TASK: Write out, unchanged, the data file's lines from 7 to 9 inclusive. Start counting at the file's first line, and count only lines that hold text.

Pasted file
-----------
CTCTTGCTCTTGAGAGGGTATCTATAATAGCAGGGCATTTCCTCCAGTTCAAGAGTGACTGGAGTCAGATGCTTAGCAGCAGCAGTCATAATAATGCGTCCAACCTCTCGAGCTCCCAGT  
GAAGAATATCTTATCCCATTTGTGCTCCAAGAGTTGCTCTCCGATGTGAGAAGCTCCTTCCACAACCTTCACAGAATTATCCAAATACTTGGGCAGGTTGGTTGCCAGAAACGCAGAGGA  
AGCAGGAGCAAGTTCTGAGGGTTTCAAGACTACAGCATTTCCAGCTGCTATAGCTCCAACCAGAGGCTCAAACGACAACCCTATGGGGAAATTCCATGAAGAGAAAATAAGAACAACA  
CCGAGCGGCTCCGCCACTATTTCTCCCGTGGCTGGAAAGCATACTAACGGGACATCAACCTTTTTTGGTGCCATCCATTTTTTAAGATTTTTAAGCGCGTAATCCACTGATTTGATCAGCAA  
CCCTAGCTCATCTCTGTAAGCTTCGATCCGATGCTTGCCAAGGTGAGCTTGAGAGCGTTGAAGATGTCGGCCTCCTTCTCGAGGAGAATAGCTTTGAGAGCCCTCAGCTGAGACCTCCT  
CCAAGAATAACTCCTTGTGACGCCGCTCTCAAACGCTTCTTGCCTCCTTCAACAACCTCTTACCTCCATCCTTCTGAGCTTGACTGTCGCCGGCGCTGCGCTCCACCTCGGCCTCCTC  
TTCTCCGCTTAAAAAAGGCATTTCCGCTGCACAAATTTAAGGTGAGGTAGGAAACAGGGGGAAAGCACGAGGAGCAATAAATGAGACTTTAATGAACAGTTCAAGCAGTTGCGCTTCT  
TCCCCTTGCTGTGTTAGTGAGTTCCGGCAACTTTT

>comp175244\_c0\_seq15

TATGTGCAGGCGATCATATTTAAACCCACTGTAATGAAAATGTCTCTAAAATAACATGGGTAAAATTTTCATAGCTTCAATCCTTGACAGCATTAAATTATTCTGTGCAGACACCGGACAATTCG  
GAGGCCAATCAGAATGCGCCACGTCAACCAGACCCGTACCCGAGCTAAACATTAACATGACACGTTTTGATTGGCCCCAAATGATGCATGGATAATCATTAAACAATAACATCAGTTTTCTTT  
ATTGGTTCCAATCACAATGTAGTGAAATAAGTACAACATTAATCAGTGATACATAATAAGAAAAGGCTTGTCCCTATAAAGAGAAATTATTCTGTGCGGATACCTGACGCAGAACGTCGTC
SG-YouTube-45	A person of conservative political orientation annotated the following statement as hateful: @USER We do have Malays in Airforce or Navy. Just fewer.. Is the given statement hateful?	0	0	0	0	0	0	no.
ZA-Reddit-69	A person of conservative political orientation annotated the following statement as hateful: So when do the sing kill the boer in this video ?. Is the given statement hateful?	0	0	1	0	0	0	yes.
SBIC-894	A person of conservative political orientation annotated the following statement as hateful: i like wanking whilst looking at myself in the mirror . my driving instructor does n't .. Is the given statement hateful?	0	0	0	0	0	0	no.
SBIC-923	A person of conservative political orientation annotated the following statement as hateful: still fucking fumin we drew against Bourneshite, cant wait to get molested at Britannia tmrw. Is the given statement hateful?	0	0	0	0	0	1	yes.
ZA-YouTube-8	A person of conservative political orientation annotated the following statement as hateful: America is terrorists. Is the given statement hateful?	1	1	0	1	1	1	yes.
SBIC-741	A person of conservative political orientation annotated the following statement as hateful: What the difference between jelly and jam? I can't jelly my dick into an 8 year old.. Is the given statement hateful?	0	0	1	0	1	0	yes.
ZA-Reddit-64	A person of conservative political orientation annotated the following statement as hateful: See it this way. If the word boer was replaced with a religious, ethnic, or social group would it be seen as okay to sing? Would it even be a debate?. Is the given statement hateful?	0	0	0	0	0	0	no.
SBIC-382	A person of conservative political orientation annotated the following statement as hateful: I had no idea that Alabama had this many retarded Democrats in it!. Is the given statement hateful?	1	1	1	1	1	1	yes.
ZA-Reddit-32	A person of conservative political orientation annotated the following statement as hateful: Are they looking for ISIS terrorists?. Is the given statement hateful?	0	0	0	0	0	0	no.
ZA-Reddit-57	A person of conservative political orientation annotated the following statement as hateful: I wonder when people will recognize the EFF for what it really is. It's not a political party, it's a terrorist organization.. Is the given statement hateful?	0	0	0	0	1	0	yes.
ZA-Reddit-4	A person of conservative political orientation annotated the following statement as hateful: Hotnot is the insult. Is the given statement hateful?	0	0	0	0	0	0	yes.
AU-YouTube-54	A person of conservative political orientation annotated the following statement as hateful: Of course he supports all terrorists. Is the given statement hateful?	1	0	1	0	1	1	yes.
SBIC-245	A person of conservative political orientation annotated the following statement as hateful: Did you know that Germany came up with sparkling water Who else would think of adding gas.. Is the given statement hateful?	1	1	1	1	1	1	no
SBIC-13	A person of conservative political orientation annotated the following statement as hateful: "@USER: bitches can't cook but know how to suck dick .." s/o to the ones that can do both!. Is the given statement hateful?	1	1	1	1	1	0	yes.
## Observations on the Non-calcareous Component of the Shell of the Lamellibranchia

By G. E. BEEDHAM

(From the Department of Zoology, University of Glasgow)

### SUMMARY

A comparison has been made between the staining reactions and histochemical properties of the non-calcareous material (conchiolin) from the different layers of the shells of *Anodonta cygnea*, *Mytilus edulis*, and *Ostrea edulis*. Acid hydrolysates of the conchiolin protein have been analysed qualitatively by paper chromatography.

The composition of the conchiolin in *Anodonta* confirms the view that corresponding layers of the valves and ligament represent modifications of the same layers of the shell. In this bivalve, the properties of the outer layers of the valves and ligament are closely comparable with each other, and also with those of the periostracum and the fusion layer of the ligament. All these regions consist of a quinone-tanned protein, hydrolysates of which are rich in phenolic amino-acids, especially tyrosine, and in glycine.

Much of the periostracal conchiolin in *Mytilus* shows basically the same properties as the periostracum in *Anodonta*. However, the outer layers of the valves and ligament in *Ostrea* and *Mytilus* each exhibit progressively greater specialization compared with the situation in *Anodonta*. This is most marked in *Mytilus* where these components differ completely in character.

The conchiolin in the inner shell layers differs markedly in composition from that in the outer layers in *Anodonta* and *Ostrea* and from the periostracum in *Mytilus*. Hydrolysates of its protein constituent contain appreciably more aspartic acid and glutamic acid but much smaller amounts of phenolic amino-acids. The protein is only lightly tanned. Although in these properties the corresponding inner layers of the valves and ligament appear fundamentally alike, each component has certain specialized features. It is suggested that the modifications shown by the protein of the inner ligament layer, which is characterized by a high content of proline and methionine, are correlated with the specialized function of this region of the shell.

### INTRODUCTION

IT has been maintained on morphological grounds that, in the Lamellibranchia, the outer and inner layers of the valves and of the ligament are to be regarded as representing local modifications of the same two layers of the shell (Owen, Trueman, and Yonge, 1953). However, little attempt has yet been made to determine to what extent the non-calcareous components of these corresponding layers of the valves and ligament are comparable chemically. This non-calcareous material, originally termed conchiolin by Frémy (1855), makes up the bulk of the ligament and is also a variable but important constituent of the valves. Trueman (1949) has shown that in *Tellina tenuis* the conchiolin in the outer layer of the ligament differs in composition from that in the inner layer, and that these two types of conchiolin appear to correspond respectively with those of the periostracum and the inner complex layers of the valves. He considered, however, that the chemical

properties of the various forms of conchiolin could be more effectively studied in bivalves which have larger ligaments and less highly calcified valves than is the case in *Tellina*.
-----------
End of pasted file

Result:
TTCTCCGCTTAAAAAAGGCATTTCCGCTGCACAAATTTAAGGTGAGGTAGGAAACAGGGGGAAAGCACGAGGAGCAATAAATGAGACTTTAATGAACAGTTCAAGCAGTTGCGCTTCT  
TCCCCTTGCTGTGTTAGTGAGTTCCGGCAACTTTT

>comp175244\_c0\_seq15